It is no secret that the pandemic provided a paradigm shift in thinking regarding an in-office workforce. This movement has been reflected in the new Employment Relations (Flexible Working) Bill that is awaiting royal assent. This would allow employees more opportunities to request flexible work arrangements as well as making the request process more efficient.
Currently, 58% of UK businesses offer flexible working, demonstrating an increase of 566% in only seven years! There are various visible and invisible barriers to work that flexible work can overcome, including the need to live in high-cost accommodations (which has been exemplified in London’s renting crisis), reduced costs of childcare and reduce commuting times/expenses. With the labour shortages in the economy causing a tightening of the labour market, making work more flexible may well be a positive change for the economy as a whole.
On the surface, it seems that the shift to a flexible work pattern is a positive step for both employees and leaders. However, there is an ever-growing list of firms that have requested employees to stay in the office. So, this begs the question, why do employers want people to return to the office? Recent studies justify many leaders’ call for employees to return to the office as productivity shrinks by 18%. With the arrival of consistently high inflation, cash has been sucked out of the economy and many organisations are struggling for profit and are conserving cash. This has meant a rapid switch in focus from revenue and growth to cost and efficiency, resulting in cost-cutting and layoffs which has created an even greater emphasis on productivity. Additionally, casual collaboration and communication have experienced a significant fall as shown by 62,000 communication records from Microsoft employees which display professional networks becoming inactive and, in some cases, isolated. This has led to organisations seeing in-office workplaces as a place to strive for greater interactions, enhanced collaboration and improved culture development, in this somewhat isolated working world.
These opposing views/needs have subsequently caused tensions to rise. With employees initiating walkouts and industrial action regularly taking place, it is prevalent that more guidance from the government is required to allow employers and employees to gauge the new standards for work to reach a mutually beneficial outcome.
Although there is existing legislation allowing forms of flexible work in certain circumstances it has become apparent that there were overdue updates in this new world of work. The existing legislation was initially brought into place in 2003 to allow parents of young or disabled children a right to request flexible working arrangements. This legislation was amended in 2014 to expand the right to request flexible work arrangements for all employees.
The Flexible Working Bill would give employees the right to make two flexible working requests in a year. Additionally, it also reduces the decision period of employers to only two months and relinquishes the need for employees to explain in the request what effect the change would have on the employer and how they might deal with it. This is highly significant as employees will benefit from the added flexibility of an additional request, a shorter response time will make the process more efficient for employers and employees which will prevent avoidable resignations from unsatisfied employees.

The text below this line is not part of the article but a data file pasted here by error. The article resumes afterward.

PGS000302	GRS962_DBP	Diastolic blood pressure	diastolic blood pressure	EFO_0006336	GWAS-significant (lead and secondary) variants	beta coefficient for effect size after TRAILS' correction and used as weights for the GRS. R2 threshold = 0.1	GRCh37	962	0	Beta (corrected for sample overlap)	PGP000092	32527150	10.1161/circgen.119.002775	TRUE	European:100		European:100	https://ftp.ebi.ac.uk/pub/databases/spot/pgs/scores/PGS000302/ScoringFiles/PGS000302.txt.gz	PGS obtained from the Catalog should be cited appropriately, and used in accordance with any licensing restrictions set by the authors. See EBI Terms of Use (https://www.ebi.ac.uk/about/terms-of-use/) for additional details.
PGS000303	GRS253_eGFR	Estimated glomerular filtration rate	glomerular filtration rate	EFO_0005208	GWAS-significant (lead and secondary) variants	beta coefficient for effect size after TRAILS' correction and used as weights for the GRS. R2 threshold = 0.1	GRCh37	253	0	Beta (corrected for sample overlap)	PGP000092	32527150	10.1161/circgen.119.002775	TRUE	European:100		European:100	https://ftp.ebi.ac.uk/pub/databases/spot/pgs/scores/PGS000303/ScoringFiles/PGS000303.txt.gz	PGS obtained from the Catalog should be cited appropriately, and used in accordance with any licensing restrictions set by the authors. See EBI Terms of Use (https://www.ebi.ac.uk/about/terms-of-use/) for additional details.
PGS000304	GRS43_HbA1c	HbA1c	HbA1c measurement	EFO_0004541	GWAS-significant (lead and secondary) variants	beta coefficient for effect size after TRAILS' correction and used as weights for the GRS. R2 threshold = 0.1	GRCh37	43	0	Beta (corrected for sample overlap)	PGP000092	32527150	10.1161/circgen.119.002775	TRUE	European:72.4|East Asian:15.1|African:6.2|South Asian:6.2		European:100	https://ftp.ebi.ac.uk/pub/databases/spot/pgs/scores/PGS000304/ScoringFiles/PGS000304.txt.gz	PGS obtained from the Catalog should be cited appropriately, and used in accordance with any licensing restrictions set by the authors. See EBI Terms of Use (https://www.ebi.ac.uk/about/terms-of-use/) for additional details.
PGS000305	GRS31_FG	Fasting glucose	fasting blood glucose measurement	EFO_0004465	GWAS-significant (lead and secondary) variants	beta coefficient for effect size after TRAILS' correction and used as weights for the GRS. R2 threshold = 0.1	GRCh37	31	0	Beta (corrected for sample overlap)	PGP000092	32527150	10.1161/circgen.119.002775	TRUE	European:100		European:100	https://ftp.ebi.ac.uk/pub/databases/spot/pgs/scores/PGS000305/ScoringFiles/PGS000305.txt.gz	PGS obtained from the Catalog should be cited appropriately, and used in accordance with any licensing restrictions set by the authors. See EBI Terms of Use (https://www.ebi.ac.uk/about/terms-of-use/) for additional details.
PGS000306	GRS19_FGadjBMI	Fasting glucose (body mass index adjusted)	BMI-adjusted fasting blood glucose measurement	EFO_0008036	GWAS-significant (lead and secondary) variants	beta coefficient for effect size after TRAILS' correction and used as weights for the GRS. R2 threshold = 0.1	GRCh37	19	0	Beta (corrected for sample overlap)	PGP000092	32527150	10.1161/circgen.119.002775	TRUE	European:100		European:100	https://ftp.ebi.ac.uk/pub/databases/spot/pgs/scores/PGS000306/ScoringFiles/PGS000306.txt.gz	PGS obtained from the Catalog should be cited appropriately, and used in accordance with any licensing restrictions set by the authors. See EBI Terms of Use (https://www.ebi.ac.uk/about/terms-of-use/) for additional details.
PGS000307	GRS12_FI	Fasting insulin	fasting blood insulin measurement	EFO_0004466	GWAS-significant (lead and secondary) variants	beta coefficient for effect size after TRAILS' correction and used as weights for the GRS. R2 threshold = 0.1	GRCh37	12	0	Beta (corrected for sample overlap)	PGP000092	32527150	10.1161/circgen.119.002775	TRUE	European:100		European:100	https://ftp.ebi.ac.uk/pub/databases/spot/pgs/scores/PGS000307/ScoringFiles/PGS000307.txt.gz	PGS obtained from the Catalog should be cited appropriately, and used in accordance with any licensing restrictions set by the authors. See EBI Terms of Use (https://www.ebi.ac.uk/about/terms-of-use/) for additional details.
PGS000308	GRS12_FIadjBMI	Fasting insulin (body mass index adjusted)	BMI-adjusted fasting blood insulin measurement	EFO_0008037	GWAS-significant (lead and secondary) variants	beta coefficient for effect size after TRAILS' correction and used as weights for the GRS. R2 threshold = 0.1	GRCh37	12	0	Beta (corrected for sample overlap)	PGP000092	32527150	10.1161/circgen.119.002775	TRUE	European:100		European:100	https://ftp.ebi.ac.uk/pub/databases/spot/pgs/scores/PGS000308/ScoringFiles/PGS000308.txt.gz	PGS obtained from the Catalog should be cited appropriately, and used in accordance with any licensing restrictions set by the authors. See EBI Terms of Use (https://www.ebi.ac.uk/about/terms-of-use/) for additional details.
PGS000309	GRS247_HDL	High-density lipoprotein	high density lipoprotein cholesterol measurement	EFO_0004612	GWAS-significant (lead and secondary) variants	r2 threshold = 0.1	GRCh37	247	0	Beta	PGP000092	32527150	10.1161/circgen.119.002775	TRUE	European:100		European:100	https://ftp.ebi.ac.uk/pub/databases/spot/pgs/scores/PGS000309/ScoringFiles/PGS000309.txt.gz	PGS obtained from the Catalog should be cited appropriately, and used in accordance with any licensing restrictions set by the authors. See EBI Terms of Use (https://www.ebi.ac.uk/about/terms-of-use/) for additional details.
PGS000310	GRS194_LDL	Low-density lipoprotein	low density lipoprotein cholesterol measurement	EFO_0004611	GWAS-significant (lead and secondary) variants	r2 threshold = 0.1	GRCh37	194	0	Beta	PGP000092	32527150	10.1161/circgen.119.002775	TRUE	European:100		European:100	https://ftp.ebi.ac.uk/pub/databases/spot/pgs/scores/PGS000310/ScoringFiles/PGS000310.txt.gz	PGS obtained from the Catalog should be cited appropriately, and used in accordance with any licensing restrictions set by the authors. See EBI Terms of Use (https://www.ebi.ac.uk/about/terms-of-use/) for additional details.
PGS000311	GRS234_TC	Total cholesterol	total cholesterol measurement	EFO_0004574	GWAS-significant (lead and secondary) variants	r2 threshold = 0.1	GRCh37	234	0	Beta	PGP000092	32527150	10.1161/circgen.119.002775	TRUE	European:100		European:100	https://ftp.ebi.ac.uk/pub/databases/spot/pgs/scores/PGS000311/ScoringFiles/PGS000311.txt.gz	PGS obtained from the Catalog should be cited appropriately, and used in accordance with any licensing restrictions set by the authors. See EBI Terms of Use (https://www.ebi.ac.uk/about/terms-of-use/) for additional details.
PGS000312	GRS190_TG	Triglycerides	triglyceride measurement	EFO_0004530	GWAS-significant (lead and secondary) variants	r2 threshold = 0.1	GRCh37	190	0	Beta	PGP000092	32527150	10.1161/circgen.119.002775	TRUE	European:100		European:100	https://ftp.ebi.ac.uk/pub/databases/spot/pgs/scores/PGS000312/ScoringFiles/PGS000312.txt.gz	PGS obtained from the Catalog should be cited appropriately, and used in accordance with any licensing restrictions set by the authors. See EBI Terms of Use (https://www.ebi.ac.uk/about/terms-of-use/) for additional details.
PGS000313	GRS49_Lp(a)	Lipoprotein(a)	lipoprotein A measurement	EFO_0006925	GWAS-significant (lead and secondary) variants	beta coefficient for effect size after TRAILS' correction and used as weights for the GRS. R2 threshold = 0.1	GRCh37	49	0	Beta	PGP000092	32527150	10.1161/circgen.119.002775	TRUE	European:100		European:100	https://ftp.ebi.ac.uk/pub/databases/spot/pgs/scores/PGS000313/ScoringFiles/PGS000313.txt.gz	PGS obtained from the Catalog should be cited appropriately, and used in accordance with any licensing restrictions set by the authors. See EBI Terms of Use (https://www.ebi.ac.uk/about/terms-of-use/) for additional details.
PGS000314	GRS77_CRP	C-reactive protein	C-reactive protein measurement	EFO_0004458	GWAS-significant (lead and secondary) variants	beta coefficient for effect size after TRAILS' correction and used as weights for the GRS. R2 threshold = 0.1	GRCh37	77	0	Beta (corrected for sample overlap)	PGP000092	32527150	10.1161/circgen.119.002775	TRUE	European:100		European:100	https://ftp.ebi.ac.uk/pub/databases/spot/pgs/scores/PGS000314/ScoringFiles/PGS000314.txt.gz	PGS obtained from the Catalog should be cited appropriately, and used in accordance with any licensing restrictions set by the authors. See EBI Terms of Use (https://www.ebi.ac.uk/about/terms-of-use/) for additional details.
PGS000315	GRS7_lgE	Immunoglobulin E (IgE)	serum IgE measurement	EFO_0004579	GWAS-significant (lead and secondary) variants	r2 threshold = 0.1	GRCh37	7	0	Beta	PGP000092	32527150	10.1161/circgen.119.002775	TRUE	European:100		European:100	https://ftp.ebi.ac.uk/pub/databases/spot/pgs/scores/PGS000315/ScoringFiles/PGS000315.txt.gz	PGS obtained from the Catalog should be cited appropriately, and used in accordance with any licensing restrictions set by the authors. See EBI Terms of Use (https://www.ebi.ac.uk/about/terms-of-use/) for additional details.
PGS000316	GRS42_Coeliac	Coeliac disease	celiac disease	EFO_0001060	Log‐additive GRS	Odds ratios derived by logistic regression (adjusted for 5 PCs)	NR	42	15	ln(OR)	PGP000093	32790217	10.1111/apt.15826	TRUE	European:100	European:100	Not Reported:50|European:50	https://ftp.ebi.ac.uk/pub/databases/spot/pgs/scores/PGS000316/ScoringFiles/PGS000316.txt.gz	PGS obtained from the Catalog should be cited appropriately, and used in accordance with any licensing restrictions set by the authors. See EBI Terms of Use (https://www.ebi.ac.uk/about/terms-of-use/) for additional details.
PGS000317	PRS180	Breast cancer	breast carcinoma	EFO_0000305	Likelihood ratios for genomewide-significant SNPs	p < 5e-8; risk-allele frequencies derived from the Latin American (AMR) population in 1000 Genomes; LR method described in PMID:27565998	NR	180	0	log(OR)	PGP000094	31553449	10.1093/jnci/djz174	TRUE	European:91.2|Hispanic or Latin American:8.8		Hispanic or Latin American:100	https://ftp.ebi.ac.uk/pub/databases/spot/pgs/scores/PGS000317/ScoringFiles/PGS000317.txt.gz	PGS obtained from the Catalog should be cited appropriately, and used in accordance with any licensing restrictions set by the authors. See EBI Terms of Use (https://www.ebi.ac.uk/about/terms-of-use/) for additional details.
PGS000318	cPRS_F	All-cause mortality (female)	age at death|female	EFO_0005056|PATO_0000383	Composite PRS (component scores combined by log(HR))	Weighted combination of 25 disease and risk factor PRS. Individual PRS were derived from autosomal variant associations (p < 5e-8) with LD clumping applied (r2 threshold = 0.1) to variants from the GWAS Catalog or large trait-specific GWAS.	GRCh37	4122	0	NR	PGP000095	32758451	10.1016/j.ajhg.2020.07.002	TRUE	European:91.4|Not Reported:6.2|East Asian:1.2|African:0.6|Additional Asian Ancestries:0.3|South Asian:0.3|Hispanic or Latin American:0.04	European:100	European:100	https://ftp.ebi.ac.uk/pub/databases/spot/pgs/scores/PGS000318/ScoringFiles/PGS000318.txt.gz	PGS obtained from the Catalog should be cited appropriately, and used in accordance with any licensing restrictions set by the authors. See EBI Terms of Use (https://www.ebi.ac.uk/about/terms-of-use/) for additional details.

This bill provides hope that the debate between employees and employers will be settled and that a mutually agreeable solution is in sight. 66% of employees (without a flexible working arrangement) think it is likely that their employer would agree to them working flexibly, it is clear that the rise of flexible work will continue.
The shift towards flexible work patterns has gained significant momentum, driven by the recognition of its benefits for both employees and employers. So, with all the benefits of flexible working out in the open, how do companies maximise their people’s potential? Is it productivity, engagement, trust, any other business metric, or all of the above that is of utmost importance? Maximising human potential is the primary goal of any organisation and the best-known way to do this effectively is through the vehicle of an organisation’s culture. Being intentional in the definition and communication of your company culture is the key to flexible work, and the companies that do this best will be the winners in the new working world.
In conclusion, managing culture with intentionality is central to ensuring that high levels of trust and engagement are sustained in a world of flexible work. By focusing on “how” work gets done instead of “where” work happens, organisations will establish high employee retention and increased levels of productivity, while reducing cash flow concerns.
To build a strong and aligned culture, in a flexible workplace, it is critical to have the ability to measure and manage it. Culture15 helps define, diagnose and track your culture, from anywhere. If you would like to learn more about how to build a strong culture in the new flexible workplace, check out our latest eBook on the topic.
Culture15 is your complete toolkit for tracking culture change. CEOs and Exec Teams at world-leading organisations use Culture15 analytics to ensure success by aligning their culture with what they need to execute their strategy. If you’d like to find out how to define the culture and values you need, diagnose the culture you have and close the gap, talk to our team.